Trends in motorcycle safety in the U.S.

Andrey Kamenov

Andrey Kamenov, Ph.D. Probability and Statistics

In 2017, one in every seven fatal roadside incidents in the United States involved a motorcycle; this number has remained relatively stable for the past 10 years.

A lot of progress in road safety has been made recently. However, most of the advances seem to focus primarily on cars — examples include stricter crash testing and driver assistance systems.

What has changed in motorcycle safety?

First, let’s examine the percentage of all fatal crashes that actually involve a second vehicle. Looking at this number reveals a noticeable trend: Motorcycles on their own are becoming safer, and most of the fatalities come from collisions with another vehicle.

Other crashes exhibit a similar trend, but it is much shorter and less pronounced.

Can this be attributed to the fact that more Americans prefer larger vehicles now? The recent growth in SUV sales would explain this, but only if SUVs were indeed more dangerous for motorcyclists.

Of course, it’s relatively easy to check this since we have the number of fatal two-vehicle crashes where the second car was an utility vehicle (or a passenger car).

However, we also have to account for the fact that there are simply more passenger cars on the road. Luckily, the NHTS data provides an estimate of the number of vehicles of each type.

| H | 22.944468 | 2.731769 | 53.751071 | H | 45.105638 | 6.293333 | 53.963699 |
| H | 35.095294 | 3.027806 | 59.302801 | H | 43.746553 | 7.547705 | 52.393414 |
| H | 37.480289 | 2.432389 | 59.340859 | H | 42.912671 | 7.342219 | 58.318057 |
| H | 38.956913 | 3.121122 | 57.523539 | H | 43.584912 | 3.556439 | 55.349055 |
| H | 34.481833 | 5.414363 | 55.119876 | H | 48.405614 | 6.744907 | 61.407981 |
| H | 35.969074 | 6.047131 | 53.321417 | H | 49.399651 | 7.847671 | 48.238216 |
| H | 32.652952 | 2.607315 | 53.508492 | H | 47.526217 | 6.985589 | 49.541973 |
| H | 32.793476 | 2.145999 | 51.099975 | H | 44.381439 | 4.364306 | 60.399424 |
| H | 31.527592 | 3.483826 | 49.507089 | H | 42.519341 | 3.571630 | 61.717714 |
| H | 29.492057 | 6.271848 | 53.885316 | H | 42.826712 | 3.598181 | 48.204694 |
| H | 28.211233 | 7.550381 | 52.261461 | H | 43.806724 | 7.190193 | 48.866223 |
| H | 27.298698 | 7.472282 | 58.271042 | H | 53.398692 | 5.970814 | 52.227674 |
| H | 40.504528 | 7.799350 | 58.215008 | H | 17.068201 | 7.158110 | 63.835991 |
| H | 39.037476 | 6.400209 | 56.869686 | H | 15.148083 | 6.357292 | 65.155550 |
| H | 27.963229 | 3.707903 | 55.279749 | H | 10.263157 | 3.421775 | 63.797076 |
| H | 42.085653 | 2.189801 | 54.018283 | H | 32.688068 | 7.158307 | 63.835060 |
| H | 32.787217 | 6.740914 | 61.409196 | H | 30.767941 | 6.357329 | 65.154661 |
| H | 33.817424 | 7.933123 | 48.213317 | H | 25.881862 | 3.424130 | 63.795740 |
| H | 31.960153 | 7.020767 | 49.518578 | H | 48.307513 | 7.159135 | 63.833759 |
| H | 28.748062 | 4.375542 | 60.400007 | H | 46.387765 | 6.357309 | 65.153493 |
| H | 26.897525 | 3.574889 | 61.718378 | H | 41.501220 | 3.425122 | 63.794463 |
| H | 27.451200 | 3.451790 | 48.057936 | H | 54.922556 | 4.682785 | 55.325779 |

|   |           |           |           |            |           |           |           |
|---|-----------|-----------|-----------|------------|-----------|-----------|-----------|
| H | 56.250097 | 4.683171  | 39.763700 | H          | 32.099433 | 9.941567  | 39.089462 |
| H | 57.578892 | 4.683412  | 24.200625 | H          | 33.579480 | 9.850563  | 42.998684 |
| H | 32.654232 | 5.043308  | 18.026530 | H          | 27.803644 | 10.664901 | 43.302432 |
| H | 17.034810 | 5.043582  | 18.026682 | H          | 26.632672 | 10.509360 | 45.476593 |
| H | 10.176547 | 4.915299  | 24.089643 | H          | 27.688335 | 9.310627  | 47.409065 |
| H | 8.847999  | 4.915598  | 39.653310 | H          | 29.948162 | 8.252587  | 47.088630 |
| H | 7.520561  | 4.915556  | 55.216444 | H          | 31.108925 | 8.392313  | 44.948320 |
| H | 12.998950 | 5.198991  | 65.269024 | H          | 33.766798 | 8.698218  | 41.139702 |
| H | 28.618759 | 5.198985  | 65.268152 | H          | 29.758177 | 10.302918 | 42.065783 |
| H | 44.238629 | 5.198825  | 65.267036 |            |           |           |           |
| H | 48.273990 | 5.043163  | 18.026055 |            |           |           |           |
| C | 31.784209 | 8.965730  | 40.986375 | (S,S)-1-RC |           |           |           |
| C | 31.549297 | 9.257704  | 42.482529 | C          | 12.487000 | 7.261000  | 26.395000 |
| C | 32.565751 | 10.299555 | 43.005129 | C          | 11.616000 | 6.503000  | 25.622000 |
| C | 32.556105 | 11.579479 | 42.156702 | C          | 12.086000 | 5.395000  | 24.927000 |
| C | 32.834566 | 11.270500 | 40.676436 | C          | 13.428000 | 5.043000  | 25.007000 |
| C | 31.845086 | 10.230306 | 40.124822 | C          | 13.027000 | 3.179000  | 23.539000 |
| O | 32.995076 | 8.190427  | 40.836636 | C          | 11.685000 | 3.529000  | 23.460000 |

The graph below shows the number of motorcycle fatalities per million vehicles by vehicle type in 2017. This shows us how dangerous each body type is when colliding with a motorcycle.

Incidentally, SUVs are indeed more dangerous than cars, but not much — especially compared to pickups. At the same time, the number of pickups on the roads is actually decreasing, so we can assume that there are multiple factors at play here.

There’s also a clear geographical pattern: The number of motorcycle fatalities has fallen in the Northeast and has increased in the Southwest.

Source(s):

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About Andrey Kamenov

Andrey Kamenov

Andrey Kamenov, Ph.D. Probability and Statistics

Andrey Kamenov is a data scientist working for Advameg Inc. His background includes teaching statistics, stochastic processes and financial mathematics in Moscow State University and working for a hedge fund. His academic interests range from statistical data analysis to optimal stopping theory. Andrey also enjoys his hobbies of photography, reading and powerlifting.

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